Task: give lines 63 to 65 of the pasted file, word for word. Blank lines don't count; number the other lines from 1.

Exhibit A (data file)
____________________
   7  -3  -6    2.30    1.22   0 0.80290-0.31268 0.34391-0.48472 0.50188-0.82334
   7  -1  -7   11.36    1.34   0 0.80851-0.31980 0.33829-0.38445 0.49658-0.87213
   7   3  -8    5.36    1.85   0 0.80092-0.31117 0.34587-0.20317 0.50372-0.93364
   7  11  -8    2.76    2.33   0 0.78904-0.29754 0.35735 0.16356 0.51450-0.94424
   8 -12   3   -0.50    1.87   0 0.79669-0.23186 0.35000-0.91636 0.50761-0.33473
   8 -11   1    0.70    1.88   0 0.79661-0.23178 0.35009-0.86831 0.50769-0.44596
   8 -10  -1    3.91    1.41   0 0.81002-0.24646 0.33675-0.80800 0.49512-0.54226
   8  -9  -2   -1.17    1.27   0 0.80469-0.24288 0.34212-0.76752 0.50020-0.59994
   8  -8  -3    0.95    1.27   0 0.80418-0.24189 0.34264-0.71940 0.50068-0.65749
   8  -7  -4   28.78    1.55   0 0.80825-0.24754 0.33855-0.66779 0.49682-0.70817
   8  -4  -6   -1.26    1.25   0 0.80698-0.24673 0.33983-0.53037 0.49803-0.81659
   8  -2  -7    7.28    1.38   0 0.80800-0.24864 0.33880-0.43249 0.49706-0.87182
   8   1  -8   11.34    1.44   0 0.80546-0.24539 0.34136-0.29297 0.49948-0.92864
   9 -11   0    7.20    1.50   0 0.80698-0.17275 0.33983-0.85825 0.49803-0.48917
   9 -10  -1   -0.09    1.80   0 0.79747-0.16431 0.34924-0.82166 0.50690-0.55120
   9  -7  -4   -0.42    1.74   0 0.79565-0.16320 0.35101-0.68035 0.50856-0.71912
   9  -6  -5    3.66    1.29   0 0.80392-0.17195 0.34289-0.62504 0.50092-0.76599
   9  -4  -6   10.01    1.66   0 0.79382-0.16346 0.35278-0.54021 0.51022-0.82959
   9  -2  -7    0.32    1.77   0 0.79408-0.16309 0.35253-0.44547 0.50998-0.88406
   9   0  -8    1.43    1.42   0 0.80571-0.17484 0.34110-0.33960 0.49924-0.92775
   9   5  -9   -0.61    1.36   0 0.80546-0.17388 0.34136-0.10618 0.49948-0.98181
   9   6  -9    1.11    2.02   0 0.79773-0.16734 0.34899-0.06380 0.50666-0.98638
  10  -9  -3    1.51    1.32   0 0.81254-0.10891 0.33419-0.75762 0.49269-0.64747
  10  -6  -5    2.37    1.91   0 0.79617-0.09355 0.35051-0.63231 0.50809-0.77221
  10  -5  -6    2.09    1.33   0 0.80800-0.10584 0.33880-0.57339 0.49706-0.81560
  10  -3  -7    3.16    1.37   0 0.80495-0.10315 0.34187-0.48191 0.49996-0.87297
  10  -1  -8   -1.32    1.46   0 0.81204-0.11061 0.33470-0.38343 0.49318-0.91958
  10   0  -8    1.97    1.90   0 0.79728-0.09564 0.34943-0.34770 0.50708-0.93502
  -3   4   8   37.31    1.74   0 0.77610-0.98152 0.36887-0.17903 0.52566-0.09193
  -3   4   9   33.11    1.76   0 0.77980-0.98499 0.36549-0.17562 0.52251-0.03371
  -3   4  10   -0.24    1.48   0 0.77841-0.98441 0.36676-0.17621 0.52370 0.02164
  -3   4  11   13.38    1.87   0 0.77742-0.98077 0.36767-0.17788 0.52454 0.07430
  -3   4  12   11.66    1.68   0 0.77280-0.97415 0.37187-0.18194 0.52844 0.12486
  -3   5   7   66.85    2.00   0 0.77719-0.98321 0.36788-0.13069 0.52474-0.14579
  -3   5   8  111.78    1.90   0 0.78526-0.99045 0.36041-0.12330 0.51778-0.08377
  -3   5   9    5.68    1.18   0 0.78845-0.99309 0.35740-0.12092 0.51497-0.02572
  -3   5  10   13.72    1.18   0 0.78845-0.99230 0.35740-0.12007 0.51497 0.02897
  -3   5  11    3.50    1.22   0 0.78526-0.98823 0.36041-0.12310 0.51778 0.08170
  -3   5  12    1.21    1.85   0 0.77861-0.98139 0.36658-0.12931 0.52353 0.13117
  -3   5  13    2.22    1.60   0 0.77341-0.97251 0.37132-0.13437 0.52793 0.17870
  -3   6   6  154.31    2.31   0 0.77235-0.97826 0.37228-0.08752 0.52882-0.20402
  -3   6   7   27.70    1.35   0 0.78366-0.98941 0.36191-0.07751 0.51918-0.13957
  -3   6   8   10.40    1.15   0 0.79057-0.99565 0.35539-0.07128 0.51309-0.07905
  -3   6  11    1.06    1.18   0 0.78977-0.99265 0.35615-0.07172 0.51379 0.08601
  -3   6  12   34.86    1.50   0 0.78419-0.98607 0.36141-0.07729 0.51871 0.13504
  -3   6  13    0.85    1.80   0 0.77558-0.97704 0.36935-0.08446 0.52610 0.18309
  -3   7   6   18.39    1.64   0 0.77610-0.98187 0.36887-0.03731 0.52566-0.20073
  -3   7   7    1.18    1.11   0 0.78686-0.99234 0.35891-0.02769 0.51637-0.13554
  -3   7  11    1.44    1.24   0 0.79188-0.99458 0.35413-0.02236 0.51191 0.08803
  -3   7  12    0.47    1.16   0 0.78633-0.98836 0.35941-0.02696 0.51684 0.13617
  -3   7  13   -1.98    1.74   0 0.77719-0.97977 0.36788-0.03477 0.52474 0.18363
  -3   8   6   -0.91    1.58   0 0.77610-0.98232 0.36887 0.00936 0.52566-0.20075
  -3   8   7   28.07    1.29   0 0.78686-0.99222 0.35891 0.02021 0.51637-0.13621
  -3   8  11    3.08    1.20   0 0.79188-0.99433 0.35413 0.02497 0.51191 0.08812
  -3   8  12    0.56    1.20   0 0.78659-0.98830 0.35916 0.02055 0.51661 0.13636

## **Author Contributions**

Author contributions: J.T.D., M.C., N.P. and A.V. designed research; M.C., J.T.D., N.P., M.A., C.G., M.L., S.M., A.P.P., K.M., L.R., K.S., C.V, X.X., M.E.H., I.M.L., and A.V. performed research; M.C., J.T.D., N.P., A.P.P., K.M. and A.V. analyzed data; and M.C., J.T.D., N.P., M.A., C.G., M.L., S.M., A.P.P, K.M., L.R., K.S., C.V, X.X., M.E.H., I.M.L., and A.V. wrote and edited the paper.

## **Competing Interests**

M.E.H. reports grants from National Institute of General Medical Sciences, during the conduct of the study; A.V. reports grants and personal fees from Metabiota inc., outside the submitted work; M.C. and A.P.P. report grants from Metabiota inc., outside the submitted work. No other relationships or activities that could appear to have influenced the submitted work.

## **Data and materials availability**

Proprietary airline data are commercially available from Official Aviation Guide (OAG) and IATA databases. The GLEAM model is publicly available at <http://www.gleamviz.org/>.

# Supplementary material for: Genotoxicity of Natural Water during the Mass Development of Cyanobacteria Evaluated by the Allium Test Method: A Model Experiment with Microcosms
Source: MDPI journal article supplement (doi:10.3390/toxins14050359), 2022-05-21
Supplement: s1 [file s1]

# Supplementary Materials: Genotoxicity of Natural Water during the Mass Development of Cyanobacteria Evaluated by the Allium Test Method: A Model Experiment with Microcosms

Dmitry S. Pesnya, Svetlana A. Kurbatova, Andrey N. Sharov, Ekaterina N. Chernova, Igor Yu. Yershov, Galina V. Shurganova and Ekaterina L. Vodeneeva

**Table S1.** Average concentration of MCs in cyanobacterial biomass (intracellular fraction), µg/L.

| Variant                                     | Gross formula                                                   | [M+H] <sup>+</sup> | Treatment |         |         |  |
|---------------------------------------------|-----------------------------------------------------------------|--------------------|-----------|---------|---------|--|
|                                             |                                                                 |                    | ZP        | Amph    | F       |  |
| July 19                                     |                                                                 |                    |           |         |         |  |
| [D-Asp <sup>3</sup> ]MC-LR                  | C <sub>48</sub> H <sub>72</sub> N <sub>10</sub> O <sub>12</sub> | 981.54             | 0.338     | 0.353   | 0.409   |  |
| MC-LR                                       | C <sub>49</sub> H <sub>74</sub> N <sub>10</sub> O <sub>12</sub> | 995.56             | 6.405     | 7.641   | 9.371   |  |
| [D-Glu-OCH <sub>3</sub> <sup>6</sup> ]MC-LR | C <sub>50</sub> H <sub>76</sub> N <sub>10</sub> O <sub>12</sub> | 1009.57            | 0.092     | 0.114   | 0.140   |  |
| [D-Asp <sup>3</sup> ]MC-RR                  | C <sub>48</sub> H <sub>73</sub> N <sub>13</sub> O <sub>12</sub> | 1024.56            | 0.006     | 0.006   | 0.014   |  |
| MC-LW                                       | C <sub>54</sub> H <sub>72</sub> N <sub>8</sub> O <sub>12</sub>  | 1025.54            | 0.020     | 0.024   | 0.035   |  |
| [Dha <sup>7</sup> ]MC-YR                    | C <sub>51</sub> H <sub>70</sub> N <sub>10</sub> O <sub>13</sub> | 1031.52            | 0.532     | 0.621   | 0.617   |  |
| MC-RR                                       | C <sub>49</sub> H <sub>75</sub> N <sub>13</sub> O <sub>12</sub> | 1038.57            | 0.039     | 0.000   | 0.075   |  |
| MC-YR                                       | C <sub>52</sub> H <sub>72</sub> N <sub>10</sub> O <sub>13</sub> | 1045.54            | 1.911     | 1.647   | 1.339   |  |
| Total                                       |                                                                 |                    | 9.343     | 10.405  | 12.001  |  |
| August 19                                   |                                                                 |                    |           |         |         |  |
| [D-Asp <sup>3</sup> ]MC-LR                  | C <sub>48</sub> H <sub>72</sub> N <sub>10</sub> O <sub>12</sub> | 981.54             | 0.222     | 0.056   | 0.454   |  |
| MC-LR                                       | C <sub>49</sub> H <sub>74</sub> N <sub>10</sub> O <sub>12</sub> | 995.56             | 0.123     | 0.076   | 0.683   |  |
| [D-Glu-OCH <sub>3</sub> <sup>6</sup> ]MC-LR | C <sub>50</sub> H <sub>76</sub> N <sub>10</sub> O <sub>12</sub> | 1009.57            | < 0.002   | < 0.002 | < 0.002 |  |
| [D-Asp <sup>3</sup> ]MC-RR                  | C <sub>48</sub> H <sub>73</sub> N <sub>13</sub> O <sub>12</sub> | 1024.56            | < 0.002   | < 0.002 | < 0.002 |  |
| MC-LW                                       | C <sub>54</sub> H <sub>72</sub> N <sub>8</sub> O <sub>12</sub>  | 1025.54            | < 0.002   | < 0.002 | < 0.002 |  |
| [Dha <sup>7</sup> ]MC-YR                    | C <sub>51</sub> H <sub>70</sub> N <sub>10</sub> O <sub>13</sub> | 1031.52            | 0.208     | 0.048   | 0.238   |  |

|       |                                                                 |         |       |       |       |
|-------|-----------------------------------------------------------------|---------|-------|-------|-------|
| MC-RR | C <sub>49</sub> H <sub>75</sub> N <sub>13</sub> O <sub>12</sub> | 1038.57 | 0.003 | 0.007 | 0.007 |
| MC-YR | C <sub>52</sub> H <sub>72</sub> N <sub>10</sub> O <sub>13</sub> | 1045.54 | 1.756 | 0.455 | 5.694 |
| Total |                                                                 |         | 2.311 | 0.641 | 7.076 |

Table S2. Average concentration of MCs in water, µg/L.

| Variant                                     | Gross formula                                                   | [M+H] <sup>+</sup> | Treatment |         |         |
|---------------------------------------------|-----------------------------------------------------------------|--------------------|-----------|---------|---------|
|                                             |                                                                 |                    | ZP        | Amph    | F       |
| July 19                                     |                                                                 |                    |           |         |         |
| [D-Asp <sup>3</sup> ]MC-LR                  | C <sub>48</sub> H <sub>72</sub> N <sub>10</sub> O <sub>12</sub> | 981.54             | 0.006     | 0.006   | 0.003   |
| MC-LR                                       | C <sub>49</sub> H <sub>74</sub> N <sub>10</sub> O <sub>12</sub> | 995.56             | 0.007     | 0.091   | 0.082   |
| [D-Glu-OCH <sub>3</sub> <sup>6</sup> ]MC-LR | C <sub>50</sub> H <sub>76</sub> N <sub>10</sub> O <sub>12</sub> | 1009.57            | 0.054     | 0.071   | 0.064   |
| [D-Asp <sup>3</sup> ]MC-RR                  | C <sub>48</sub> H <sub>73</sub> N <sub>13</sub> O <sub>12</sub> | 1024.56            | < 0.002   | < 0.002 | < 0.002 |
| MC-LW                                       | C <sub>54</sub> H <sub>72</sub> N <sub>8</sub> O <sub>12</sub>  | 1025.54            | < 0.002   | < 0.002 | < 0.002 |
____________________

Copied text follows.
Source: MDPI journal article supplement (doi:10.3390/toxins14050359), 2022-05-21
Supplement: s1 [file s1]

# Supplementary Materials: Genotoxicity of Natural Water during the Mass Development of Cyanobacteria Evaluated by the Allium Test Method: A Model Experiment with Microcosms